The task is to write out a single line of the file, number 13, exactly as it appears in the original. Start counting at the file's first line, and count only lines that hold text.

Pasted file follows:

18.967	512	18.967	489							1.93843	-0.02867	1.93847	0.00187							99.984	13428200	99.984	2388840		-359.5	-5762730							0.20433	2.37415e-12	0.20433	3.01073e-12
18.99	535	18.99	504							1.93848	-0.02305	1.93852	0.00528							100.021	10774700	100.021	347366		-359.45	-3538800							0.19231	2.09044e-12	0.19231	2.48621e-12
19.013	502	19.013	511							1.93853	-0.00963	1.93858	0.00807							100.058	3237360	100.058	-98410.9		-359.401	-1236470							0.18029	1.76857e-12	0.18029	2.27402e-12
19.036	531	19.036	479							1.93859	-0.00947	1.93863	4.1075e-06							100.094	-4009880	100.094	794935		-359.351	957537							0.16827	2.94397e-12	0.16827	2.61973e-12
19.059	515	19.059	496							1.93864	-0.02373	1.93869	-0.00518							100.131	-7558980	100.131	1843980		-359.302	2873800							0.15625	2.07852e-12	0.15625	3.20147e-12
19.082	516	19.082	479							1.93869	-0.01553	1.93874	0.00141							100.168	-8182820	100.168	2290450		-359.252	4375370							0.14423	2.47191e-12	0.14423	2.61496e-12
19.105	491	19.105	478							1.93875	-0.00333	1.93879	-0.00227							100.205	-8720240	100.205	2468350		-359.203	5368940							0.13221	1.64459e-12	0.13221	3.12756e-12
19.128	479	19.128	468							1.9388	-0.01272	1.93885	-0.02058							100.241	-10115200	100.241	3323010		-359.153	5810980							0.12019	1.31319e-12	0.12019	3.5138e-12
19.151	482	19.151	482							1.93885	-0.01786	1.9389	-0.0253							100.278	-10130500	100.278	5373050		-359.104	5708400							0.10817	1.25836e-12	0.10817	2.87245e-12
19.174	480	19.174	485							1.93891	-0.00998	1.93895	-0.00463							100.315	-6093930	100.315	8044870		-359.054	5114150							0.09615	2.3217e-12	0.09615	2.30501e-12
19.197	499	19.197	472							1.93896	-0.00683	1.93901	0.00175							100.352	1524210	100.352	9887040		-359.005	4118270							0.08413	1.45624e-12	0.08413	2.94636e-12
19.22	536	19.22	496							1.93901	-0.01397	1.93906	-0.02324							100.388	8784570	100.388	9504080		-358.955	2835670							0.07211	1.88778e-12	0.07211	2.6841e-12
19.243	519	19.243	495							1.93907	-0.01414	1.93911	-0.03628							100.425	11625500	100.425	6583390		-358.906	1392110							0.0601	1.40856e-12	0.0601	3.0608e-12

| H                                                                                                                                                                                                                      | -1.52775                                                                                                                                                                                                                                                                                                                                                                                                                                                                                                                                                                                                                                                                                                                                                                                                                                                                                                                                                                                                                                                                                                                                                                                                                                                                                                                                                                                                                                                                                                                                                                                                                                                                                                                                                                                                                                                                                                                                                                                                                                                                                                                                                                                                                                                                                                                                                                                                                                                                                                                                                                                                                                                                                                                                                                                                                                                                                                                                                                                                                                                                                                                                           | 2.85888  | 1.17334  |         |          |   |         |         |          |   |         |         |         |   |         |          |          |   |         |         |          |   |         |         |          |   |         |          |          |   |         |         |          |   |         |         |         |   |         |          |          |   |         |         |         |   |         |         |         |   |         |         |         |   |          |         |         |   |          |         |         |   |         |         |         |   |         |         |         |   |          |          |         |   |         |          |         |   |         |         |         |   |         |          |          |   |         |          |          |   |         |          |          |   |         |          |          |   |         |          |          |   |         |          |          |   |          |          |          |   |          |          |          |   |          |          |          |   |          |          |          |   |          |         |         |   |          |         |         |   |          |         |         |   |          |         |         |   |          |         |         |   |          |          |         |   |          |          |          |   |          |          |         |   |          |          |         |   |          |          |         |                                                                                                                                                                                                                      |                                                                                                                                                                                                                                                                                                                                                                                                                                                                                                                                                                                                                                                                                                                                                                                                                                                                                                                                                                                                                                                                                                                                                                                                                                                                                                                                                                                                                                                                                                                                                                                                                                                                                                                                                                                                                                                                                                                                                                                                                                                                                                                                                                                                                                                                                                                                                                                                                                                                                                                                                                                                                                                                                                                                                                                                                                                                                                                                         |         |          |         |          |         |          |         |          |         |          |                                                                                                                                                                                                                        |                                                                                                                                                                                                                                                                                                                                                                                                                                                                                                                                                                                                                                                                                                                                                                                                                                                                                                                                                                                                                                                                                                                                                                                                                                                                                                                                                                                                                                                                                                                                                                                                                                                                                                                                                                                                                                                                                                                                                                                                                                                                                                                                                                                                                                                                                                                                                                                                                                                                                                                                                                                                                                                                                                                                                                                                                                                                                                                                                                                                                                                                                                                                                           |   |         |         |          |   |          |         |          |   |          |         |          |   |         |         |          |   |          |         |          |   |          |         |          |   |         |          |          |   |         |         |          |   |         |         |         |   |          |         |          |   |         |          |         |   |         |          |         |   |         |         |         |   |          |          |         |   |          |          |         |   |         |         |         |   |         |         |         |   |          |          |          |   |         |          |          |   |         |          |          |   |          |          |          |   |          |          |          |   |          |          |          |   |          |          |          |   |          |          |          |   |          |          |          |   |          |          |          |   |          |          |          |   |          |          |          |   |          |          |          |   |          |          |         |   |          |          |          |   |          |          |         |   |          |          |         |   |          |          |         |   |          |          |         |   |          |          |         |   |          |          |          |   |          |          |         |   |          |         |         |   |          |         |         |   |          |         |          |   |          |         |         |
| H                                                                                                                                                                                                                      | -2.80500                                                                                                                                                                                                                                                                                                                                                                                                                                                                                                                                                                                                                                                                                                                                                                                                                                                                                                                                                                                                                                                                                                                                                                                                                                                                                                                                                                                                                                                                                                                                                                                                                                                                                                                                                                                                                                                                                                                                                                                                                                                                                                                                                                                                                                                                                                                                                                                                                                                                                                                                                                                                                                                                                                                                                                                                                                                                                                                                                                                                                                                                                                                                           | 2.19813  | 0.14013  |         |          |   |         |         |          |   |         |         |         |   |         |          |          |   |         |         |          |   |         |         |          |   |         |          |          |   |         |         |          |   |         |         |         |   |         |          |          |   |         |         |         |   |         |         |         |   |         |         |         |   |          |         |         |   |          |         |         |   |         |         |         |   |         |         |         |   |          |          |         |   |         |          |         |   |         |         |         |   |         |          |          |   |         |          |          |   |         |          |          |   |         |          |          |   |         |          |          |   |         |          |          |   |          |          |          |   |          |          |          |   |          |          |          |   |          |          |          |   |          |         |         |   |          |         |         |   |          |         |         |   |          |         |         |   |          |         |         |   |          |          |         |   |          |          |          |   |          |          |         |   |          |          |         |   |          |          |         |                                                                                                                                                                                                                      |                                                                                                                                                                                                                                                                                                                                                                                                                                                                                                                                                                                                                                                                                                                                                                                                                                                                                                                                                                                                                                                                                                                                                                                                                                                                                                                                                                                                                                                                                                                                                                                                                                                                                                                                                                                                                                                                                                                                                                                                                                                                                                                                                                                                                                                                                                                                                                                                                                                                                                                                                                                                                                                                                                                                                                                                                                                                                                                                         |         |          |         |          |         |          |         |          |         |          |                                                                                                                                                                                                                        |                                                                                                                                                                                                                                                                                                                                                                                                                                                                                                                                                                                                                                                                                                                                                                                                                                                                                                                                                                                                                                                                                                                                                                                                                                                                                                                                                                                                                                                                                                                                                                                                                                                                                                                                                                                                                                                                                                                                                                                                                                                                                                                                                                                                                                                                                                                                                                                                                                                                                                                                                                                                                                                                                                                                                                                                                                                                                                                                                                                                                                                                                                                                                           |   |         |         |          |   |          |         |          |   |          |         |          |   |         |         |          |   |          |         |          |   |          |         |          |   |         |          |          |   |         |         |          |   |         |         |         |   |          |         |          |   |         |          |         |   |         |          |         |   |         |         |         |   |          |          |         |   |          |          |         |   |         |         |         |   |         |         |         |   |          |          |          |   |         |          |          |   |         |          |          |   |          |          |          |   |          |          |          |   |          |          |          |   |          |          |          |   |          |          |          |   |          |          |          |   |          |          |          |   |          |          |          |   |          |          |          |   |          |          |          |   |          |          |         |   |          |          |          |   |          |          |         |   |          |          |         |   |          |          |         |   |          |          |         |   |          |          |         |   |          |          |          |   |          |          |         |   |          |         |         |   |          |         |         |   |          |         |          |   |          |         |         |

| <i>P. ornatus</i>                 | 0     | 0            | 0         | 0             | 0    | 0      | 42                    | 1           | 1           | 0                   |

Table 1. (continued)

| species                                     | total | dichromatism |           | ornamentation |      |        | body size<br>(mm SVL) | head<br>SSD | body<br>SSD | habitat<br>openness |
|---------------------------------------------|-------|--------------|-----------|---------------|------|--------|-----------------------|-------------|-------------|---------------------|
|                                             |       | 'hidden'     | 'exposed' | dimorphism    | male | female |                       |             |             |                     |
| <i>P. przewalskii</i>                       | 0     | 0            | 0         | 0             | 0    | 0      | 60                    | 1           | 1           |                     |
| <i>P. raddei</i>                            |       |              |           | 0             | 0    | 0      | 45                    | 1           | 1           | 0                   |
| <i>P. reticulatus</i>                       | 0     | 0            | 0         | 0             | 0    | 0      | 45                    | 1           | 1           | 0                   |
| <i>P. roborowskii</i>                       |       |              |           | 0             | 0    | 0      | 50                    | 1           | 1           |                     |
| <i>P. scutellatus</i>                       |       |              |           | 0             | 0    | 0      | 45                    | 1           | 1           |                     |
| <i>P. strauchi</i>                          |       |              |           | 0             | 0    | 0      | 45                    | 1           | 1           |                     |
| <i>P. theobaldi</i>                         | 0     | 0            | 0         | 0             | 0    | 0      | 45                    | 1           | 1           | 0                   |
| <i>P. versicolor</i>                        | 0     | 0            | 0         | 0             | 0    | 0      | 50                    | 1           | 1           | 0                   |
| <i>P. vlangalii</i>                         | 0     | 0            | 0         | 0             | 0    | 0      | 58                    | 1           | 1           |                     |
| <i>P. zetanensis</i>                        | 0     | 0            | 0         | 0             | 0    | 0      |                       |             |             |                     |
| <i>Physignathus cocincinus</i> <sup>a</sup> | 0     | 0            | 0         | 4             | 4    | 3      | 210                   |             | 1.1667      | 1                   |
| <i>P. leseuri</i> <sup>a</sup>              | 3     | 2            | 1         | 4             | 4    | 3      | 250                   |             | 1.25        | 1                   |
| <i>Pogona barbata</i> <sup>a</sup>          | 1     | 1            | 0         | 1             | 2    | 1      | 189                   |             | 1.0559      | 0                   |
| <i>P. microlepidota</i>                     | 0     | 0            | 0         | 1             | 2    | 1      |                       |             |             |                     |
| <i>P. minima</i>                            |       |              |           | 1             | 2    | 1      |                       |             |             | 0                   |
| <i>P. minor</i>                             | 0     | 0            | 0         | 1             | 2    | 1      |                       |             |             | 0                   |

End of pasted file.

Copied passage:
19.243	519	19.243	495							1.93907	-0.01414	1.93911	-0.03628							100.425	11625500	100.425	6583390		-358.906	1392110							0.0601	1.40856e-12	0.0601	3.0608e-12